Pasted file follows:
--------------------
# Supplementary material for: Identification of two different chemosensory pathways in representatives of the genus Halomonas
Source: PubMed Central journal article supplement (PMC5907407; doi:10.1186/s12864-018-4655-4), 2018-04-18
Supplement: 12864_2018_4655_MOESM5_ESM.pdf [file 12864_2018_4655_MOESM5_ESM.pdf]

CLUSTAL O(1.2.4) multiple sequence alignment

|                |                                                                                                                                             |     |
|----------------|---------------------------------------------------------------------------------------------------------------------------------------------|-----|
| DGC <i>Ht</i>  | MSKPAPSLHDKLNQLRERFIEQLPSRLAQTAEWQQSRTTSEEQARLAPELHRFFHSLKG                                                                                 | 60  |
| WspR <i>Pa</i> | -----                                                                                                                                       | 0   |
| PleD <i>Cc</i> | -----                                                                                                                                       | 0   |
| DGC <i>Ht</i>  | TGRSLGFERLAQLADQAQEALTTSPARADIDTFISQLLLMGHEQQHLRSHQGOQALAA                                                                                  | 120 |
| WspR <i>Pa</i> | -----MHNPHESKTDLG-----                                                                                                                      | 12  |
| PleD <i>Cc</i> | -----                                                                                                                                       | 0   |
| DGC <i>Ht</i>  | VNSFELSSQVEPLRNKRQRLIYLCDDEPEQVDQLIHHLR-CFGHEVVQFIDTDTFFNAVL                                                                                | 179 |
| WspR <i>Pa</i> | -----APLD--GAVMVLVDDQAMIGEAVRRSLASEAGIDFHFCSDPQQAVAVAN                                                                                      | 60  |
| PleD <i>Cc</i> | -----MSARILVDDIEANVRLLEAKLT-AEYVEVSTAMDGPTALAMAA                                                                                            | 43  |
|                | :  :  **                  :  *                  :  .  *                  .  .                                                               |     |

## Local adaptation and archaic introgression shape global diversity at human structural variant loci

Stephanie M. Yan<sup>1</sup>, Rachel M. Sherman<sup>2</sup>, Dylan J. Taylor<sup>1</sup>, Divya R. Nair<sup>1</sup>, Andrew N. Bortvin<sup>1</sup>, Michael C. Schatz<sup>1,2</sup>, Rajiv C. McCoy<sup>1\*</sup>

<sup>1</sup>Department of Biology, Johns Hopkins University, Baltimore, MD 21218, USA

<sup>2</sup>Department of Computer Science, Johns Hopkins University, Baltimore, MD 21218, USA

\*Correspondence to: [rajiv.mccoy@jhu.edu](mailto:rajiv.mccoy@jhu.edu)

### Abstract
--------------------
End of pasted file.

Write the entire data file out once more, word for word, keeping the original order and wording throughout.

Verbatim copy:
# Supplementary material for: Identification of two different chemosensory pathways in representatives of the genus Halomonas
Source: PubMed Central journal article supplement (PMC5907407; doi:10.1186/s12864-018-4655-4), 2018-04-18
Supplement: 12864_2018_4655_MOESM5_ESM.pdf [file 12864_2018_4655_MOESM5_ESM.pdf]

CLUSTAL O(1.2.4) multiple sequence alignment

|                |                                                                                                                                             |     |
|----------------|---------------------------------------------------------------------------------------------------------------------------------------------|-----|
| DGC <i>Ht</i>  | MSKPAPSLHDKLNQLRERFIEQLPSRLAQTAEWQQSRTTSEEQARLAPELHRFFHSLKG                                                                                 | 60  |
| WspR <i>Pa</i> | -----                                                                                                                                       | 0   |
| PleD <i>Cc</i> | -----                                                                                                                                       | 0   |
| DGC <i>Ht</i>  | TGRSLGFERLAQLADQAQEALTTSPARADIDTFISQLLLMGHEQQHLRSHQGOQALAA                                                                                  | 120 |
| WspR <i>Pa</i> | -----MHNPHESKTDLG-----                                                                                                                      | 12  |
| PleD <i>Cc</i> | -----                                                                                                                                       | 0   |
| DGC <i>Ht</i>  | VNSFELSSQVEPLRNKRQRLIYLCDDEPEQVDQLIHHLR-CFGHEVVQFIDTDTFFNAVL                                                                                | 179 |
| WspR <i>Pa</i> | -----APLD--GAVMVLVDDQAMIGEAVRRSLASEAGIDFHFCSDPQQAVAVAN                                                                                      | 60  |
| PleD <i>Cc</i> | -----MSARILVDDIEANVRLLEAKLT-AEYVEVSTAMDGPTALAMAA                                                                                            | 43  |
|                | :  :  **                  :  *                  :  .  *                  .  .                                                               |     |

## Local adaptation and archaic introgression shape global diversity at human structural variant loci

Stephanie M. Yan<sup>1</sup>, Rachel M. Sherman<sup>2</sup>, Dylan J. Taylor<sup>1</sup>, Divya R. Nair<sup>1</sup>, Andrew N. Bortvin<sup>1</sup>, Michael C. Schatz<sup>1,2</sup>, Rajiv C. McCoy<sup>1\*</sup>

<sup>1</sup>Department of Biology, Johns Hopkins University, Baltimore, MD 21218, USA

<sup>2</sup>Department of Computer Science, Johns Hopkins University, Baltimore, MD 21218, USA

\*Correspondence to: [rajiv.mccoy@jhu.edu](mailto:rajiv.mccoy@jhu.edu)

### Abstract